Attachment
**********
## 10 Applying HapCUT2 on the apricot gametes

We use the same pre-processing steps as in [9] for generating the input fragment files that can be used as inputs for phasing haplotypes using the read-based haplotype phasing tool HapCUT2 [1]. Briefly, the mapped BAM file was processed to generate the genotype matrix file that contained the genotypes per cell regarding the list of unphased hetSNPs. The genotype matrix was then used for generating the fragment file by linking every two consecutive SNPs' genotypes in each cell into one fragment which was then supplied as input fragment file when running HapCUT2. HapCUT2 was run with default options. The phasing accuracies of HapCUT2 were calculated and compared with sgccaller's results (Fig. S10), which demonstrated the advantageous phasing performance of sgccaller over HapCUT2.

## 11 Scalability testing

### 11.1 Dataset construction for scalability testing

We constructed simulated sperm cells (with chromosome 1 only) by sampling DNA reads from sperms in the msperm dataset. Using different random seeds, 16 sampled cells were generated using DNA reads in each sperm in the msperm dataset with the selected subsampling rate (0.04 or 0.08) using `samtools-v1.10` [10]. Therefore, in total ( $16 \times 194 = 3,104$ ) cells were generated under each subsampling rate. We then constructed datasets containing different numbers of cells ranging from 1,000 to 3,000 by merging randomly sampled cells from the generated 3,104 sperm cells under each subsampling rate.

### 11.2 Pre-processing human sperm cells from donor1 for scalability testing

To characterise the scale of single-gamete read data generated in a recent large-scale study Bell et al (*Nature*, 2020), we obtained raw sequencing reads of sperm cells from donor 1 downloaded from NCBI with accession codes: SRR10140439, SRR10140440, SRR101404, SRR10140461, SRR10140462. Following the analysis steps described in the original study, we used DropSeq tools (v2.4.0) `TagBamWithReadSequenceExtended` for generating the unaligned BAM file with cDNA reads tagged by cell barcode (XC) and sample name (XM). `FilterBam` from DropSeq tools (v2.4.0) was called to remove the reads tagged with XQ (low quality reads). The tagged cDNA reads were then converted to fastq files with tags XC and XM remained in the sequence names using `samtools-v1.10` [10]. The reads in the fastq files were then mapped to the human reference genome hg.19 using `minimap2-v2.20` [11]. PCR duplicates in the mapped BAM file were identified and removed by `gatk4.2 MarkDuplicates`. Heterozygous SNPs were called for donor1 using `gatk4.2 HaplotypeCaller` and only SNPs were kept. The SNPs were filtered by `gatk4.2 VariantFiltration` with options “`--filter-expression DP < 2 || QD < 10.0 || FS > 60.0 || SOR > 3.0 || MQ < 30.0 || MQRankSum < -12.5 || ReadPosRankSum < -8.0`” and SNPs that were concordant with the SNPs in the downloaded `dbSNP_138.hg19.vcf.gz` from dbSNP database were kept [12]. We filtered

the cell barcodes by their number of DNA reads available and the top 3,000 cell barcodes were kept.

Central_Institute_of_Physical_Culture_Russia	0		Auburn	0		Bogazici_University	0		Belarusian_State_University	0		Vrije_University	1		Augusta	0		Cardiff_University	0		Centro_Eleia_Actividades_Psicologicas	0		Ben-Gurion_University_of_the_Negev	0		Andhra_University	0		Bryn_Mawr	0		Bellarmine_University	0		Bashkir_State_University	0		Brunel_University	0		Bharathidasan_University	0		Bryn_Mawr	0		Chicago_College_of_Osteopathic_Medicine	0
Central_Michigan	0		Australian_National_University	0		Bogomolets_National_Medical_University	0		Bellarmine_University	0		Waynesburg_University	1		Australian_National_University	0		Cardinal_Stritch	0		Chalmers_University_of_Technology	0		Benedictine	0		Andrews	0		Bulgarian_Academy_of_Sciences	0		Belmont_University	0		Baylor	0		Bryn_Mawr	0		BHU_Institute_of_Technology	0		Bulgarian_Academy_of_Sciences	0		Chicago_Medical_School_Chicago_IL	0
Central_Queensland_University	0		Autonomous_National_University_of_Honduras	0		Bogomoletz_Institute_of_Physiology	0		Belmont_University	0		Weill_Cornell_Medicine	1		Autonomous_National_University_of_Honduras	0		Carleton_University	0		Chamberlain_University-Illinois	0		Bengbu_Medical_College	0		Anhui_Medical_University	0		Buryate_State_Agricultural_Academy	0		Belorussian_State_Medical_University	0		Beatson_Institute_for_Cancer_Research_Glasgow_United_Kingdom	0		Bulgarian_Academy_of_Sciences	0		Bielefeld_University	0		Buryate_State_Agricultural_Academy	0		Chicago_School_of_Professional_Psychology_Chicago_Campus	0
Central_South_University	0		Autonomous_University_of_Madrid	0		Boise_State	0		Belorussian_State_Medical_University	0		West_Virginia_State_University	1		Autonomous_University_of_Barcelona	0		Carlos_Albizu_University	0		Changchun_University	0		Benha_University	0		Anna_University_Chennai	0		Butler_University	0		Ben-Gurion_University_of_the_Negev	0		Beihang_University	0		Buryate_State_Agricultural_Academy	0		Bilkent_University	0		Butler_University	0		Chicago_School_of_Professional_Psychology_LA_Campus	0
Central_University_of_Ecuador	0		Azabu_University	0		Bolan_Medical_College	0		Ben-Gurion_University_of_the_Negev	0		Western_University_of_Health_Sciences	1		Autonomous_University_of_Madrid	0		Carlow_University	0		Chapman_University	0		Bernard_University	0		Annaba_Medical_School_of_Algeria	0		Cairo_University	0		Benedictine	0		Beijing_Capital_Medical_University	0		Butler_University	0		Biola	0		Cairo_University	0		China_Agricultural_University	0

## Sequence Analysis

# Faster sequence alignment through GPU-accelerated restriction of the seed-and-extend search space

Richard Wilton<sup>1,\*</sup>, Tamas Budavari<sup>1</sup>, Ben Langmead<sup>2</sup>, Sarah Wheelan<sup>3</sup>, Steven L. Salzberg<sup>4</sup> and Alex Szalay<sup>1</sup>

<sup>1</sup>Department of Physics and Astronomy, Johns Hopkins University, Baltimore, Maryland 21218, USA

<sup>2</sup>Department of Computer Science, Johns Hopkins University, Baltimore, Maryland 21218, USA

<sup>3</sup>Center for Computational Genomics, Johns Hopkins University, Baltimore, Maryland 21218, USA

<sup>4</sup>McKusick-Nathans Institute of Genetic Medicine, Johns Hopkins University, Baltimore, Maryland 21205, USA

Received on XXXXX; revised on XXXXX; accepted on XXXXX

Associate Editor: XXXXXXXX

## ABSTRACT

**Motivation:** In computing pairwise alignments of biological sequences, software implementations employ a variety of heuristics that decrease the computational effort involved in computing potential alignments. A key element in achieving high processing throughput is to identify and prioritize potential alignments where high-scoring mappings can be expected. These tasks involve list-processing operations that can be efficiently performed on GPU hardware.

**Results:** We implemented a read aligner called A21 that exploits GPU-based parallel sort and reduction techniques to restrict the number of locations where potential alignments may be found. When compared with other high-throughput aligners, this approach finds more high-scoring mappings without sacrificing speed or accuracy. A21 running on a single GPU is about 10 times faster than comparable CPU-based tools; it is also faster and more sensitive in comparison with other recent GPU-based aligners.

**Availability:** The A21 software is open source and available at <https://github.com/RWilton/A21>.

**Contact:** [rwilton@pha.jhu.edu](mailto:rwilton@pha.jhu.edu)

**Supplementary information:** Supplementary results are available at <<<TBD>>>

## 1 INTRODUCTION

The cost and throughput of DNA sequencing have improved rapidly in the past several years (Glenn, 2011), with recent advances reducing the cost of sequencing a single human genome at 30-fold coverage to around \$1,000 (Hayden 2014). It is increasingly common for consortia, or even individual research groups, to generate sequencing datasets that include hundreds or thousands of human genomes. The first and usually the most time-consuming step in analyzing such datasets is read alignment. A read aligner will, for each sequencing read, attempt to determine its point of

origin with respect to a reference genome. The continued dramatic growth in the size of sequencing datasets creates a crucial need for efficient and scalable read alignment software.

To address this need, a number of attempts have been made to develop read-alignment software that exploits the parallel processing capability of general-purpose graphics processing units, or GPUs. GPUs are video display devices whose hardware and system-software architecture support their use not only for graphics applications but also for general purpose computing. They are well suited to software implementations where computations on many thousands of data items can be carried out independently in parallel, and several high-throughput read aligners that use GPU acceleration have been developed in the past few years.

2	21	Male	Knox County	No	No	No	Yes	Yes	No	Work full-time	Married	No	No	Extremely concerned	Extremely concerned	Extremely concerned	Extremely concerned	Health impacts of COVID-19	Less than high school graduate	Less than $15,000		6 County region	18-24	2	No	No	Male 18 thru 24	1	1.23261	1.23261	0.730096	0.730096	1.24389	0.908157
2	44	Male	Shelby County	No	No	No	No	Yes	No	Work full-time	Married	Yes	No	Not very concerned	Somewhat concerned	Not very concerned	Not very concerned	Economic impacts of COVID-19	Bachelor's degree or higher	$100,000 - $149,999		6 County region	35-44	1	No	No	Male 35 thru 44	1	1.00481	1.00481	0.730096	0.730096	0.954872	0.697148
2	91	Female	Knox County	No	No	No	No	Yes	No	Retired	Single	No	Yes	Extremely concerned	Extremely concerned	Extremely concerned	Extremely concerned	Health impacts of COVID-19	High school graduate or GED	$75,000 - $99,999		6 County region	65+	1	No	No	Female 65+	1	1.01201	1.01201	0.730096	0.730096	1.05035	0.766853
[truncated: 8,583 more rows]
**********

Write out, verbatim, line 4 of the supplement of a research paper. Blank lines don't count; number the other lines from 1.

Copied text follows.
### 11.1 Dataset construction for scalability testing